2022 Gartner® Magic Quadrant™ SIEM
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While we are a long way from implementing Skynet, using machine learning combined with automation to make real-time decisions is here. In a recent talk at Sumo Logic Illuminate, Dave Frampton, General Manager of Cloud SIEM and Security Analytics, discusses the future of security with Vijaya Kaza, Head of Engineering and Data Science for Trust & Safety and Chief Security Officer at Airbnb. Kaza describes how automation, machine learning and AI can strengthen a company's overall security posture.
Today, attackers are more organized and their methods are getting more sophisticated. Automation, machine learning (ML) and artificial intelligence (AI) offer a smart approach to address sophisticated attacks at scale.
“It's very important to get the basics right and be able to scale it for long-term success,” notes Kaza. These basics come in the form of security hygiene, such as patch management—a foundational security task to address new vulnerabilities that emerge daily. Without workflow automation, the frequency of patching would be less, impacting overall security. When it comes to basics, more is better. For example, in the case of patch management, automation can go a step further to validate that a new patch works as expected. These small repetitive tasks, when collectively automated, help secure the basics and pay dividends down the road in terms of doing more with less. Automation of other basics such as creating templatized hardened configurations and development environments help reduce human error and drive higher levels of reliability.
Improving the user experience will have a big impact on the security posture of an organization. Automation to remove friction can make it easier for employees to take a more secure path to accomplish their day-to-day tasks. For example, security practitioners understand the importance of implementing “least-privilege access” for users in an organization. However, if there are too many manual steps involved in getting exceptions approved for greater access, it is tempting to over-provision access. Automating these workflows to streamline the user experience drives good security behavior.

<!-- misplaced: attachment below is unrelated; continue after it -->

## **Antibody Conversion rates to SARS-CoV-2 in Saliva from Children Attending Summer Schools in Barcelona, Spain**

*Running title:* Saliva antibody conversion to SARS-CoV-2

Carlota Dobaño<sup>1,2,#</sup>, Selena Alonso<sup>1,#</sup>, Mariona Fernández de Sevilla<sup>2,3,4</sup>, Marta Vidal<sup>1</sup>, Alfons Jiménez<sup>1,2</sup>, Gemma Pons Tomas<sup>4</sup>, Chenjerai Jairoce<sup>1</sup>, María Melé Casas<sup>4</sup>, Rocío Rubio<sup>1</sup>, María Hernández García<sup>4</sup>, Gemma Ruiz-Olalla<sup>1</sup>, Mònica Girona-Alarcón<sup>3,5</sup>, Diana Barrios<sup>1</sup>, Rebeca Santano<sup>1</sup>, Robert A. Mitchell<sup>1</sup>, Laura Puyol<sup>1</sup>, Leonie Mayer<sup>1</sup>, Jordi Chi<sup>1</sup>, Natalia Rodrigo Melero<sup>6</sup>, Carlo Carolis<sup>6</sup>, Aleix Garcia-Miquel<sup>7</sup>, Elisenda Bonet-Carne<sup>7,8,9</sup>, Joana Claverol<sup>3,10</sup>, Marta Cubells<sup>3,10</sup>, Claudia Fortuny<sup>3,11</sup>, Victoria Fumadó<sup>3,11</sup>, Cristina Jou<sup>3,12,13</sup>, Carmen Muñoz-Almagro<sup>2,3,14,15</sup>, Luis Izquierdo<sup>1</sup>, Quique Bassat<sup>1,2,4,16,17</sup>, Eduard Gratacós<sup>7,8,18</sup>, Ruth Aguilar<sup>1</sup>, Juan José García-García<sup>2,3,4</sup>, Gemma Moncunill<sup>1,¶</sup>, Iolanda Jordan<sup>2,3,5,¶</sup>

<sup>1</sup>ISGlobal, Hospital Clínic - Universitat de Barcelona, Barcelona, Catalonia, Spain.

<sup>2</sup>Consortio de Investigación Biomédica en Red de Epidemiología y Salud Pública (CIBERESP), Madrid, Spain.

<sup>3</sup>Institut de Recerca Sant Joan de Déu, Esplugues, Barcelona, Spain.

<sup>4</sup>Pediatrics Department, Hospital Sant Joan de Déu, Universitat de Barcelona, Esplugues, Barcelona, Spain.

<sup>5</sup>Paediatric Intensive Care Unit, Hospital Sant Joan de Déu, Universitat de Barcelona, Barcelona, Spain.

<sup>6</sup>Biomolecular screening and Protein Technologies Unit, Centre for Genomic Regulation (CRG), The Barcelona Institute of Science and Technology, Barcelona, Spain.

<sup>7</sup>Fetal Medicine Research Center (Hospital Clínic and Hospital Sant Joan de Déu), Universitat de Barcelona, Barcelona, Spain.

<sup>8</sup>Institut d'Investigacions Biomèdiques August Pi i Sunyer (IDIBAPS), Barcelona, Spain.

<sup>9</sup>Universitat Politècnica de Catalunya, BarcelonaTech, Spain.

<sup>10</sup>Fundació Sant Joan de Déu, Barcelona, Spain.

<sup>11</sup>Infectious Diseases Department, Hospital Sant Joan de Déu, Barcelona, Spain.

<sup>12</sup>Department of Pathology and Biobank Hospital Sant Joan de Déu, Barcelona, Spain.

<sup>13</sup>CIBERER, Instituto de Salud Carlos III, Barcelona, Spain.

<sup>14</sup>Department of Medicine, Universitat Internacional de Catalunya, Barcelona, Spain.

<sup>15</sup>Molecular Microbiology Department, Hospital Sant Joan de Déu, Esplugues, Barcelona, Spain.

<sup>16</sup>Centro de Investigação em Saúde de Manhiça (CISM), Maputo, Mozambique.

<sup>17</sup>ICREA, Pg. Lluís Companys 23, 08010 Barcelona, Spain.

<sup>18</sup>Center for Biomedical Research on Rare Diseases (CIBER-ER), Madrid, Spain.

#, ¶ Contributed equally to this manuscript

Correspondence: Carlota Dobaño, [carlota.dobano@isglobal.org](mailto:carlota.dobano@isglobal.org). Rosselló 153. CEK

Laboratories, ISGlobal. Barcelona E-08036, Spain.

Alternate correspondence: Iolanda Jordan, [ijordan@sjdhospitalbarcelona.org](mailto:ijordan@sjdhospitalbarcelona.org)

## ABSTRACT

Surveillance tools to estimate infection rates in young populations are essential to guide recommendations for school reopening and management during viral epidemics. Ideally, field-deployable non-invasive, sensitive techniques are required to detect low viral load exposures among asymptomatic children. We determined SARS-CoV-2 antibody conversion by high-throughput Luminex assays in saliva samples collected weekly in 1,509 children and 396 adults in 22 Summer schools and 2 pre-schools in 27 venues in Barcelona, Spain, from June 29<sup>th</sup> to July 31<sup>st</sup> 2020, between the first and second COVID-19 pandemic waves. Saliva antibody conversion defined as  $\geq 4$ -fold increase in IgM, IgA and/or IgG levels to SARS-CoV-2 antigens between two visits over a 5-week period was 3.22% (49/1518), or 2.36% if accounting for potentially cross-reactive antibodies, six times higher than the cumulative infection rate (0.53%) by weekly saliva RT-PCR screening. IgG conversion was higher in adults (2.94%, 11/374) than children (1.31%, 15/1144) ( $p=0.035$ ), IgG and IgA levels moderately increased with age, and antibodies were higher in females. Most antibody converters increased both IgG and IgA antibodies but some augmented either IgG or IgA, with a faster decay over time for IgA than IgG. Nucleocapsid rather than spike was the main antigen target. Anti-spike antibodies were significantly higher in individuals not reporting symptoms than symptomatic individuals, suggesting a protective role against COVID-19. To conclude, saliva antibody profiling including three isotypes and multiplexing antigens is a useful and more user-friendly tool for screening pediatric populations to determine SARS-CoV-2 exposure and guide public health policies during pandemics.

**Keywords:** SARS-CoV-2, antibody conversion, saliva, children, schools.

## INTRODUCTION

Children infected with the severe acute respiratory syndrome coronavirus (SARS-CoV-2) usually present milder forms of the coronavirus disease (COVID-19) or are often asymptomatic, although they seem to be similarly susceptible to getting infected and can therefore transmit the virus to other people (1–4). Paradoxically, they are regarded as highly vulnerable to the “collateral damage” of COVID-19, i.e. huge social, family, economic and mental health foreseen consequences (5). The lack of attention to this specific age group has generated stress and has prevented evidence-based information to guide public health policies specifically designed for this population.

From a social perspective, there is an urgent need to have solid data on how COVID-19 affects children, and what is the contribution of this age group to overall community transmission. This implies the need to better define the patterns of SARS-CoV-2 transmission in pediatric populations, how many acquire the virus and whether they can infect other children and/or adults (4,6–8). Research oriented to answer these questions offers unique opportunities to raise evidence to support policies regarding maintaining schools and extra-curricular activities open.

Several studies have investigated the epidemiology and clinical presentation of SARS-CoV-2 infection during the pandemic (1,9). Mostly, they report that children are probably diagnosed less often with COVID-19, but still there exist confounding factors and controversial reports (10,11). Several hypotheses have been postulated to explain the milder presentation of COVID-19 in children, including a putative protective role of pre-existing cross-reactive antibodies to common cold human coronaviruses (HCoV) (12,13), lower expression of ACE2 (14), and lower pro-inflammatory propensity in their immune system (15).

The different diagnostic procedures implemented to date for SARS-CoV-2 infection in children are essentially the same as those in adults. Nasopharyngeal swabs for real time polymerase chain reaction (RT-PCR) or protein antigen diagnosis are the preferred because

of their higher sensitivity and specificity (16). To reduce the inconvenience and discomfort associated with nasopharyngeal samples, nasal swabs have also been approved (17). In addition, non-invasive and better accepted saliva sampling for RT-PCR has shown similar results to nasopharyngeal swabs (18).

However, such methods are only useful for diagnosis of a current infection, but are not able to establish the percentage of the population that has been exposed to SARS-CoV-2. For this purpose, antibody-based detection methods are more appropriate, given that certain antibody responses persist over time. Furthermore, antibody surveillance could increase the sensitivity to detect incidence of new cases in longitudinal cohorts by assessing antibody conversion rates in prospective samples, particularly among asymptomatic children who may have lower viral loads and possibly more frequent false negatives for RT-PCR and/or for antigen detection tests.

When people hear about AI, some may see it as all hype with no application, while others see it as a way to make smart reasoned decisions. “While we are still several generations away from removing humans from the “loop” entirely in most security operations, many forms of AI, especially machine learning, are being used extensively already,” says Kaza.
This type of machine learning leverages a large amount of historical, high-quality data to train models to detect problems early before other methods of detection identify a problem. Use cases include threat detection, anomaly detection, asset discovery, or posture assessment. Kaza describes how supervised machine learning represents an area where you feed labeled data into the training so it learns from a baseline.
Unsupervised machine learning is a method where labeled data is not presented during the training process, so the model must self-discover any organic patterns within the dataset. There are many reasons for choosing one method over another depending on the problem you're attempting to solve. For example, unsupervised machine learning can help identify bots by automatically differentiating bot behavior from humans, by using a clustering algorithm.
“Many companies are undergoing a digital transformation into the cloud era, which brings new opportunities and challenges,” said Kaza. As more sources of data become available, it can be difficult to ensure high quality for the data that is needed to train the models.